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Nitroglycerin patches for shoulder pain

Continuing the shoulder pain theme, Bandolier came across an interesting RCT from a group in Santander [1] (though see the one-report reflex in Bandolier 27 ). They assembled some biologically plausible evidence for nitroglycerin being effective in inflammation and vasodilatation though a nitric oxide mechanism. They claim to have shown that nitroglycerin patches (NTG) were effective in thrombophlebitis syndrome.

Study

Patients had shoulder pain of less than 7 days duration, with tenderness in the supraspinatus region and limited motion on movement. Randomisation was between a 5 mg NTG transdermal patch and an identical placebo applied in the most painful area. A new patch was applied for each of three days.

Outcomes

At the start, and after 24 and 48 hours, pain intensity was measured on a 10-point scale, together with the duration of pain in the previous 24 hours and restriction of joint movement.

Results

By 48 hours there were significant (and large) improvements in pain, its duration, and improvement in shoulder movement.

At 48 hours, pain intensity was 2 or less (out of 10) in 9/10 patients given NTG compared with 0/10 given placebo. There was no reduction in pain intensity in placebo patients. The NNT for pain intensity of 2 or less for NTG compared with placebo was 1.1 (0.9 - 1.4).

At 48 hours, duration of pain was 1 hour or less per day in 9/10 patients given NTG compared with 0/10 given placebo. In placebo patients the duration of pain was between 1 and 12 hours. The NNT for pain duration of 1 hour or less per day for NTG compared with placebo was 1.1 (0.9 - 1.4).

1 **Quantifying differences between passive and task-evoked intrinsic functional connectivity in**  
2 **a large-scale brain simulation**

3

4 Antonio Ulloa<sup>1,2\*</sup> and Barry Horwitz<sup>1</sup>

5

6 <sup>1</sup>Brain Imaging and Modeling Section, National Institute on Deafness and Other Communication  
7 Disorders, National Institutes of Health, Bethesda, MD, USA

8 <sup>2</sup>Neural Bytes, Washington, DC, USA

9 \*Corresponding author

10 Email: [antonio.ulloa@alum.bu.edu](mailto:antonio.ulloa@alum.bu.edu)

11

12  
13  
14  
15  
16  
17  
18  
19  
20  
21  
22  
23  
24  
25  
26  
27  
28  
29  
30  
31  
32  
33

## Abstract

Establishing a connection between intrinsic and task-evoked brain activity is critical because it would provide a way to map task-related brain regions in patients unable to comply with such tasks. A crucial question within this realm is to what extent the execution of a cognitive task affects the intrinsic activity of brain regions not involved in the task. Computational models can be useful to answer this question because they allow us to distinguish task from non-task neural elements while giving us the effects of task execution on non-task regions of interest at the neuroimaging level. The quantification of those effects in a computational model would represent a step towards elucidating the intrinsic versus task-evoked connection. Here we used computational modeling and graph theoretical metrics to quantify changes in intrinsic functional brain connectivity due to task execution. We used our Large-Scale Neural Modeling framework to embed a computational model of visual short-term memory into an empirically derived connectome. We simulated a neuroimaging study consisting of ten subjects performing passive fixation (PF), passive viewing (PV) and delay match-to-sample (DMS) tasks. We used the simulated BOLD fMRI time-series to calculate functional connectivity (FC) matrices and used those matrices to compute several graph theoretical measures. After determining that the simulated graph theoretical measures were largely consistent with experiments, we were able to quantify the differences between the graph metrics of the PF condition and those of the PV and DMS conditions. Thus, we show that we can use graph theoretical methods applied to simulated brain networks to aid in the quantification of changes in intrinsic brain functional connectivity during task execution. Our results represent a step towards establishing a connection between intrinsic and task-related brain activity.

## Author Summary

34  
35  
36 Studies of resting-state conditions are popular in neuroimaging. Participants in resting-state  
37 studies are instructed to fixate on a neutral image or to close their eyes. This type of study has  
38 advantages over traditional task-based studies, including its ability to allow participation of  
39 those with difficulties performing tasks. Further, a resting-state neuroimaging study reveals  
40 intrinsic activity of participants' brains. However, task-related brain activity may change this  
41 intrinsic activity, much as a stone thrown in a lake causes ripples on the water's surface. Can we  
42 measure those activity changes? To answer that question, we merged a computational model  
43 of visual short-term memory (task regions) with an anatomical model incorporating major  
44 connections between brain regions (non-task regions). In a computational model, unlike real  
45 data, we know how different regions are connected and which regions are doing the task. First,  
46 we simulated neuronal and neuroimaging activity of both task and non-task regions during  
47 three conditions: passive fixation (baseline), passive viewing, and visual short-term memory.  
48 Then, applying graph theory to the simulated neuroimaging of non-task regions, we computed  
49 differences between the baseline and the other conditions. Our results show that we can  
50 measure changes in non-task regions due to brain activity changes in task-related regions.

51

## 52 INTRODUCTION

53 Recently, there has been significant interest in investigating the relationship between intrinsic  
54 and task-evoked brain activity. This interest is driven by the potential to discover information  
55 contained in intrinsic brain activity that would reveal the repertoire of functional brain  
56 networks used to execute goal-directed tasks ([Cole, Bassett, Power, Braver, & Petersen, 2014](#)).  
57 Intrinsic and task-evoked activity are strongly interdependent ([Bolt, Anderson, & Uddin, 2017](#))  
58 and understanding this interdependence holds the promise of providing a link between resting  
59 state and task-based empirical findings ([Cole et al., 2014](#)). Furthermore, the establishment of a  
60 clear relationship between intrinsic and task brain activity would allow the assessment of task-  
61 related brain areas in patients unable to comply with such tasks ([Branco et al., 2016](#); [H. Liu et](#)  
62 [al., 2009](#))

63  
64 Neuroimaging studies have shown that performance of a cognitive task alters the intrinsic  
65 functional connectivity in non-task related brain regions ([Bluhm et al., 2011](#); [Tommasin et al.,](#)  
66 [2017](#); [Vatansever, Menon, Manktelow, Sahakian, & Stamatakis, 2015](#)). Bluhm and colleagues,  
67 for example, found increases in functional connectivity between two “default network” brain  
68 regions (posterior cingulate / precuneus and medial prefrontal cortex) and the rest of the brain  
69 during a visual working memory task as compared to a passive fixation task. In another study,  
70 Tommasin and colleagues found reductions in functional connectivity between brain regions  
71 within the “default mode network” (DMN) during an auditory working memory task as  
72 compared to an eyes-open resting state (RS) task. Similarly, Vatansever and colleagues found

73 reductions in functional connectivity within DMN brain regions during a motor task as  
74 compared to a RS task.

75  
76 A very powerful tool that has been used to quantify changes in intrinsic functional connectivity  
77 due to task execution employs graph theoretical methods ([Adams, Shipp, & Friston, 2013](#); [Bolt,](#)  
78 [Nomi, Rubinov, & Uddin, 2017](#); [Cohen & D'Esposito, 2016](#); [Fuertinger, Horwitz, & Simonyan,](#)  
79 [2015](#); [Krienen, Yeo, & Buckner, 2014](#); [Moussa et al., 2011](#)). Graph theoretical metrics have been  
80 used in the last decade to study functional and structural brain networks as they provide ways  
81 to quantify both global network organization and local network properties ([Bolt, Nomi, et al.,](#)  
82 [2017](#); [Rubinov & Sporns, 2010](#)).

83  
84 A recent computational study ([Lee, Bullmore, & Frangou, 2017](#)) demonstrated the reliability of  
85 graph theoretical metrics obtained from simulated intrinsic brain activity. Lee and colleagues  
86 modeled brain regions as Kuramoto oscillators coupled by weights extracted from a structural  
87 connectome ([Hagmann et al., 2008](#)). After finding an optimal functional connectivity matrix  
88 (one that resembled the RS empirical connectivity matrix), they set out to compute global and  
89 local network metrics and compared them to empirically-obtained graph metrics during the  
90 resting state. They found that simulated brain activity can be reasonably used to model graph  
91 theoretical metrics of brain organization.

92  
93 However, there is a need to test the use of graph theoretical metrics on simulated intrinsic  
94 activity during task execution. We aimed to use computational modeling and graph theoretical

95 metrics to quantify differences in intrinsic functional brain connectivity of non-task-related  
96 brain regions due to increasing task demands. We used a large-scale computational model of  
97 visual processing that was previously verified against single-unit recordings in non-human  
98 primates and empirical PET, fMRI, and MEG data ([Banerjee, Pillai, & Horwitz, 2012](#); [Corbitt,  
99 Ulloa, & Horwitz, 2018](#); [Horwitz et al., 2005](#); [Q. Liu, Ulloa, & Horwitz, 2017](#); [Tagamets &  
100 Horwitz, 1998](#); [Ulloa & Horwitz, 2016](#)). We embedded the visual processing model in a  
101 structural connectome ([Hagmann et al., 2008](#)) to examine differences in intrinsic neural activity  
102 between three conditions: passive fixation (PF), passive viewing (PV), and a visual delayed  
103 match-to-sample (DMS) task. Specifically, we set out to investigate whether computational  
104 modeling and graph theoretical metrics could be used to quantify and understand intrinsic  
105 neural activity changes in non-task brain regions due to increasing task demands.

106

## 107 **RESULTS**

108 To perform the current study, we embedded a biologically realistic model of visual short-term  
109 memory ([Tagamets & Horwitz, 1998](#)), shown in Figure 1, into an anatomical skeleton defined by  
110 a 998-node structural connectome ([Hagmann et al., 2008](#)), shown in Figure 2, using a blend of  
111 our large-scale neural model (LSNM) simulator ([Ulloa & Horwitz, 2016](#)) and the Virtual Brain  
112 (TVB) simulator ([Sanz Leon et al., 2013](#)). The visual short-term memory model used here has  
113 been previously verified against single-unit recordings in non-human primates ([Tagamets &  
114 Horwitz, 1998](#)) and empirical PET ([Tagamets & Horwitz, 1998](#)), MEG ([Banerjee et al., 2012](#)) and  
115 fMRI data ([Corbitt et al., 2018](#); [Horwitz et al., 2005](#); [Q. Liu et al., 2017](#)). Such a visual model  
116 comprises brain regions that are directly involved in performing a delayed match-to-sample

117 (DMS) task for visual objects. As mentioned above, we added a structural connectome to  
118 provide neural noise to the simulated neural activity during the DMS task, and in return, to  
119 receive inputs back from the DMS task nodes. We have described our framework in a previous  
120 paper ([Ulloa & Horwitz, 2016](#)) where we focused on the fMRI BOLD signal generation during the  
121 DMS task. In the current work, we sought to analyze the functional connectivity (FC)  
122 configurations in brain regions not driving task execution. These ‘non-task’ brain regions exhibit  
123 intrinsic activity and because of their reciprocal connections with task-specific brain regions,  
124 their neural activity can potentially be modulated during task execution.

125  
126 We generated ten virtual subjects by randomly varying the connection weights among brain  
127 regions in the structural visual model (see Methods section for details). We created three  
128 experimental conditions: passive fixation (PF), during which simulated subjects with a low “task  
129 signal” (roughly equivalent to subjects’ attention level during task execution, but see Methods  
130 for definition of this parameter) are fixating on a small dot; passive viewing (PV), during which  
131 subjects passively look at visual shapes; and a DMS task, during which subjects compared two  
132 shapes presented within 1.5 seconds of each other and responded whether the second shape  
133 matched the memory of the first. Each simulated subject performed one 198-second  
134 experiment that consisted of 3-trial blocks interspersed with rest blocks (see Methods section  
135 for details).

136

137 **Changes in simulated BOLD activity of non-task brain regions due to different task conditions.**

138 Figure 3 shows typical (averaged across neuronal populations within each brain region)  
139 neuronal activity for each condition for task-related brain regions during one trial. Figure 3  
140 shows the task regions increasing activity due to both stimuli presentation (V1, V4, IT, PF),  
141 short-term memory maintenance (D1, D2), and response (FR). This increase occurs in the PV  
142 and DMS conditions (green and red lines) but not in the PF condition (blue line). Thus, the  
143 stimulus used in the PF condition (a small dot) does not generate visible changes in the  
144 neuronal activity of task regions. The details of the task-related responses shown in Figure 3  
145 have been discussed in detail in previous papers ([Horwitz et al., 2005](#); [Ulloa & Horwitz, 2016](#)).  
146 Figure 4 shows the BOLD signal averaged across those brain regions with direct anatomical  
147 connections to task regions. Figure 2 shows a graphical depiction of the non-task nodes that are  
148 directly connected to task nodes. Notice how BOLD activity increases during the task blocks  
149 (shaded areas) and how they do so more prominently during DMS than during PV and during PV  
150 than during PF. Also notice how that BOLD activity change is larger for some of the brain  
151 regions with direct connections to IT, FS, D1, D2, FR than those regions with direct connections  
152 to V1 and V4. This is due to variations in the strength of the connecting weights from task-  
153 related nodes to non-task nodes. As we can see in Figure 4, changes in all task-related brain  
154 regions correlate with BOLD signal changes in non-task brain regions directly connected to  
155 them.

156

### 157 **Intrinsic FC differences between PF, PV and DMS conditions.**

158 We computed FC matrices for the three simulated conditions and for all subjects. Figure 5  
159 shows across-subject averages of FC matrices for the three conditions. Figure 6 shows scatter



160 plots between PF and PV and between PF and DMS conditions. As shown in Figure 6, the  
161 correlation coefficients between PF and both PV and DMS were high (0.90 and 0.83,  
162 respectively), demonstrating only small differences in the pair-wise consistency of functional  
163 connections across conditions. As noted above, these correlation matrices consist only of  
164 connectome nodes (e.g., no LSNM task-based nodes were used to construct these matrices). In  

At 48 hours, joint motion was unrestricted in 8/10 patients given NTG compared with 0/10 given placebo. In placebo patients joint motion was restricted by 25%-50%. The NNT for unrestricted joint motion for NTG compared with placebo was 1.3 (1.0 - 1.8).

Comment (credibility strain)

These results look great, don't they. Yes, it was a randomised trial, with double blinding. But it was only 10 patients per group, and the random play of chance may be bigger than we think with these small numbers. Statistical significance does not transfer directly into clinical practice.

Given that there is a sort of Bayesian drift here, with some biological foundation and clinically plausible results, what is needed is a larger, pragmatic trial in primary care.

Reference:

  1. JR Berrazueta, A Losada, J Poveda et al. Successful treatment of shoulder pain syndrome due to supraspinatus tendinitis with transdermal nitroglycerin. A double blind study. Pain 1996 66: 63-7.



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